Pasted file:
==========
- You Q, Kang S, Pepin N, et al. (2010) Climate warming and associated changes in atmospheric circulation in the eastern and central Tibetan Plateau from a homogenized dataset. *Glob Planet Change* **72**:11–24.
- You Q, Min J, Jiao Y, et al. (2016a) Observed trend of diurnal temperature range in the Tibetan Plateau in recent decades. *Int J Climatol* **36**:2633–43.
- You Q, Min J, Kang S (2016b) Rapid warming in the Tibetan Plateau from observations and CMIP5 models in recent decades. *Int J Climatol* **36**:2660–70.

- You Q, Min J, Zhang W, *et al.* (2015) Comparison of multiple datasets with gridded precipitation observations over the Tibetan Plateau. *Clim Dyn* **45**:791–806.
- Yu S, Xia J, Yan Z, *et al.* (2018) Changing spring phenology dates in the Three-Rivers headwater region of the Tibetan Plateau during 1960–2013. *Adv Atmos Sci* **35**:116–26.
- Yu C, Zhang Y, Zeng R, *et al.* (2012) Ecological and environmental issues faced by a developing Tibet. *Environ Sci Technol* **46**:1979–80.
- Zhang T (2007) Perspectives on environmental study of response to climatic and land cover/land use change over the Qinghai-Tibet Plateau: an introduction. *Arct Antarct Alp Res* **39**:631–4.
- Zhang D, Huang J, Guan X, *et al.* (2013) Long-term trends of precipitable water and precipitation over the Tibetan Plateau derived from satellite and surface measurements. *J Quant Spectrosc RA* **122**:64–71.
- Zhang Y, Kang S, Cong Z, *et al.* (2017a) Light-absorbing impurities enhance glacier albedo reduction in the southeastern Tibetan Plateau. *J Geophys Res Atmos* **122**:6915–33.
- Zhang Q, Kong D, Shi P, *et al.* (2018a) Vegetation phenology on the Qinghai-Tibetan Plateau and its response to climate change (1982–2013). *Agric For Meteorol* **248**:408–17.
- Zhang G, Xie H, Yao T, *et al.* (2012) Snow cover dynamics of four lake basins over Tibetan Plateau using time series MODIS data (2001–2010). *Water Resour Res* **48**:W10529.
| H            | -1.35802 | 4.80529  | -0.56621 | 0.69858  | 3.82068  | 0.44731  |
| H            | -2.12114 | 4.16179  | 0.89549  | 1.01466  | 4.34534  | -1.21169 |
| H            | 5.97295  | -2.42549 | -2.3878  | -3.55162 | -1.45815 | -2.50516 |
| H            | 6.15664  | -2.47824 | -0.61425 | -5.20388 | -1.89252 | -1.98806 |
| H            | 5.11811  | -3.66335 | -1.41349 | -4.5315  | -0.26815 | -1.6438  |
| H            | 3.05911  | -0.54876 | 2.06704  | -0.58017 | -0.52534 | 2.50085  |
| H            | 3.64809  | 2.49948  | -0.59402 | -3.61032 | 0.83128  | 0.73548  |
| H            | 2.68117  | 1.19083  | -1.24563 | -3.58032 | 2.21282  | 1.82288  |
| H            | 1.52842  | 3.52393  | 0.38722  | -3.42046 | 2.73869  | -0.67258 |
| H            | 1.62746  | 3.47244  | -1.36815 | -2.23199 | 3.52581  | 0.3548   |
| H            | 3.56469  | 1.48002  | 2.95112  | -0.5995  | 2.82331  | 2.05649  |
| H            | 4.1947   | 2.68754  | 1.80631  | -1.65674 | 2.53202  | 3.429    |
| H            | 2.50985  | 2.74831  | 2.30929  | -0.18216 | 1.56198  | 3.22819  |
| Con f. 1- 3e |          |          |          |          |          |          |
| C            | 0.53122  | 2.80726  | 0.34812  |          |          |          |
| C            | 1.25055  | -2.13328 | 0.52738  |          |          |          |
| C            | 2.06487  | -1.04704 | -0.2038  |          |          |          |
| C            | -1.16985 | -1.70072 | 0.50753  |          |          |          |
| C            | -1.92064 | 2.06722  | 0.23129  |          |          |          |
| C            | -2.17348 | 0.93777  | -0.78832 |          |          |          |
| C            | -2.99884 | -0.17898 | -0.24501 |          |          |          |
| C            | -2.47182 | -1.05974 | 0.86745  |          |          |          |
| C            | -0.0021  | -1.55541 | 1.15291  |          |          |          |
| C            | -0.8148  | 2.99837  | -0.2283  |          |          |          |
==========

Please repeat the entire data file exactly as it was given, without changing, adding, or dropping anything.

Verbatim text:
- You Q, Kang S, Pepin N, et al. (2010) Climate warming and associated changes in atmospheric circulation in the eastern and central Tibetan Plateau from a homogenized dataset. *Glob Planet Change* **72**:11–24.
- You Q, Min J, Jiao Y, et al. (2016a) Observed trend of diurnal temperature range in the Tibetan Plateau in recent decades. *Int J Climatol* **36**:2633–43.
- You Q, Min J, Kang S (2016b) Rapid warming in the Tibetan Plateau from observations and CMIP5 models in recent decades. *Int J Climatol* **36**:2660–70.

- You Q, Min J, Zhang W, *et al.* (2015) Comparison of multiple datasets with gridded precipitation observations over the Tibetan Plateau. *Clim Dyn* **45**:791–806.
- Yu S, Xia J, Yan Z, *et al.* (2018) Changing spring phenology dates in the Three-Rivers headwater region of the Tibetan Plateau during 1960–2013. *Adv Atmos Sci* **35**:116–26.
- Yu C, Zhang Y, Zeng R, *et al.* (2012) Ecological and environmental issues faced by a developing Tibet. *Environ Sci Technol* **46**:1979–80.
- Zhang T (2007) Perspectives on environmental study of response to climatic and land cover/land use change over the Qinghai-Tibet Plateau: an introduction. *Arct Antarct Alp Res* **39**:631–4.
- Zhang D, Huang J, Guan X, *et al.* (2013) Long-term trends of precipitable water and precipitation over the Tibetan Plateau derived from satellite and surface measurements. *J Quant Spectrosc RA* **122**:64–71.
- Zhang Y, Kang S, Cong Z, *et al.* (2017a) Light-absorbing impurities enhance glacier albedo reduction in the southeastern Tibetan Plateau. *J Geophys Res Atmos* **122**:6915–33.
- Zhang Q, Kong D, Shi P, *et al.* (2018a) Vegetation phenology on the Qinghai-Tibetan Plateau and its response to climate change (1982–2013). *Agric For Meteorol* **248**:408–17.
- Zhang G, Xie H, Yao T, *et al.* (2012) Snow cover dynamics of four lake basins over Tibetan Plateau using time series MODIS data (2001–2010). *Water Resour Res* **48**:W10529.
| H            | -1.35802 | 4.80529  | -0.56621 | 0.69858  | 3.82068  | 0.44731  |
| H            | -2.12114 | 4.16179  | 0.89549  | 1.01466  | 4.34534  | -1.21169 |
| H            | 5.97295  | -2.42549 | -2.3878  | -3.55162 | -1.45815 | -2.50516 |
| H            | 6.15664  | -2.47824 | -0.61425 | -5.20388 | -1.89252 | -1.98806 |
| H            | 5.11811  | -3.66335 | -1.41349 | -4.5315  | -0.26815 | -1.6438  |
| H            | 3.05911  | -0.54876 | 2.06704  | -0.58017 | -0.52534 | 2.50085  |
| H            | 3.64809  | 2.49948  | -0.59402 | -3.61032 | 0.83128  | 0.73548  |
| H            | 2.68117  | 1.19083  | -1.24563 | -3.58032 | 2.21282  | 1.82288  |
| H            | 1.52842  | 3.52393  | 0.38722  | -3.42046 | 2.73869  | -0.67258 |
| H            | 1.62746  | 3.47244  | -1.36815 | -2.23199 | 3.52581  | 0.3548   |
| H            | 3.56469  | 1.48002  | 2.95112  | -0.5995  | 2.82331  | 2.05649  |
| H            | 4.1947   | 2.68754  | 1.80631  | -1.65674 | 2.53202  | 3.429    |
| H            | 2.50985  | 2.74831  | 2.30929  | -0.18216 | 1.56198  | 3.22819  |
| Con f. 1- 3e |          |          |          |          |          |          |
| C            | 0.53122  | 2.80726  | 0.34812  |          |          |          |
| C            | 1.25055  | -2.13328 | 0.52738  |          |          |          |
| C            | 2.06487  | -1.04704 | -0.2038  |          |          |          |
| C            | -1.16985 | -1.70072 | 0.50753  |          |          |          |
| C            | -1.92064 | 2.06722  | 0.23129  |          |          |          |
| C            | -2.17348 | 0.93777  | -0.78832 |          |          |          |
| C            | -2.99884 | -0.17898 | -0.24501 |          |          |          |
| C            | -2.47182 | -1.05974 | 0.86745  |          |          |          |
| C            | -0.0021  | -1.55541 | 1.15291  |          |          |          |
| C            | -0.8148  | 2.99837  | -0.2283  |          |          |          |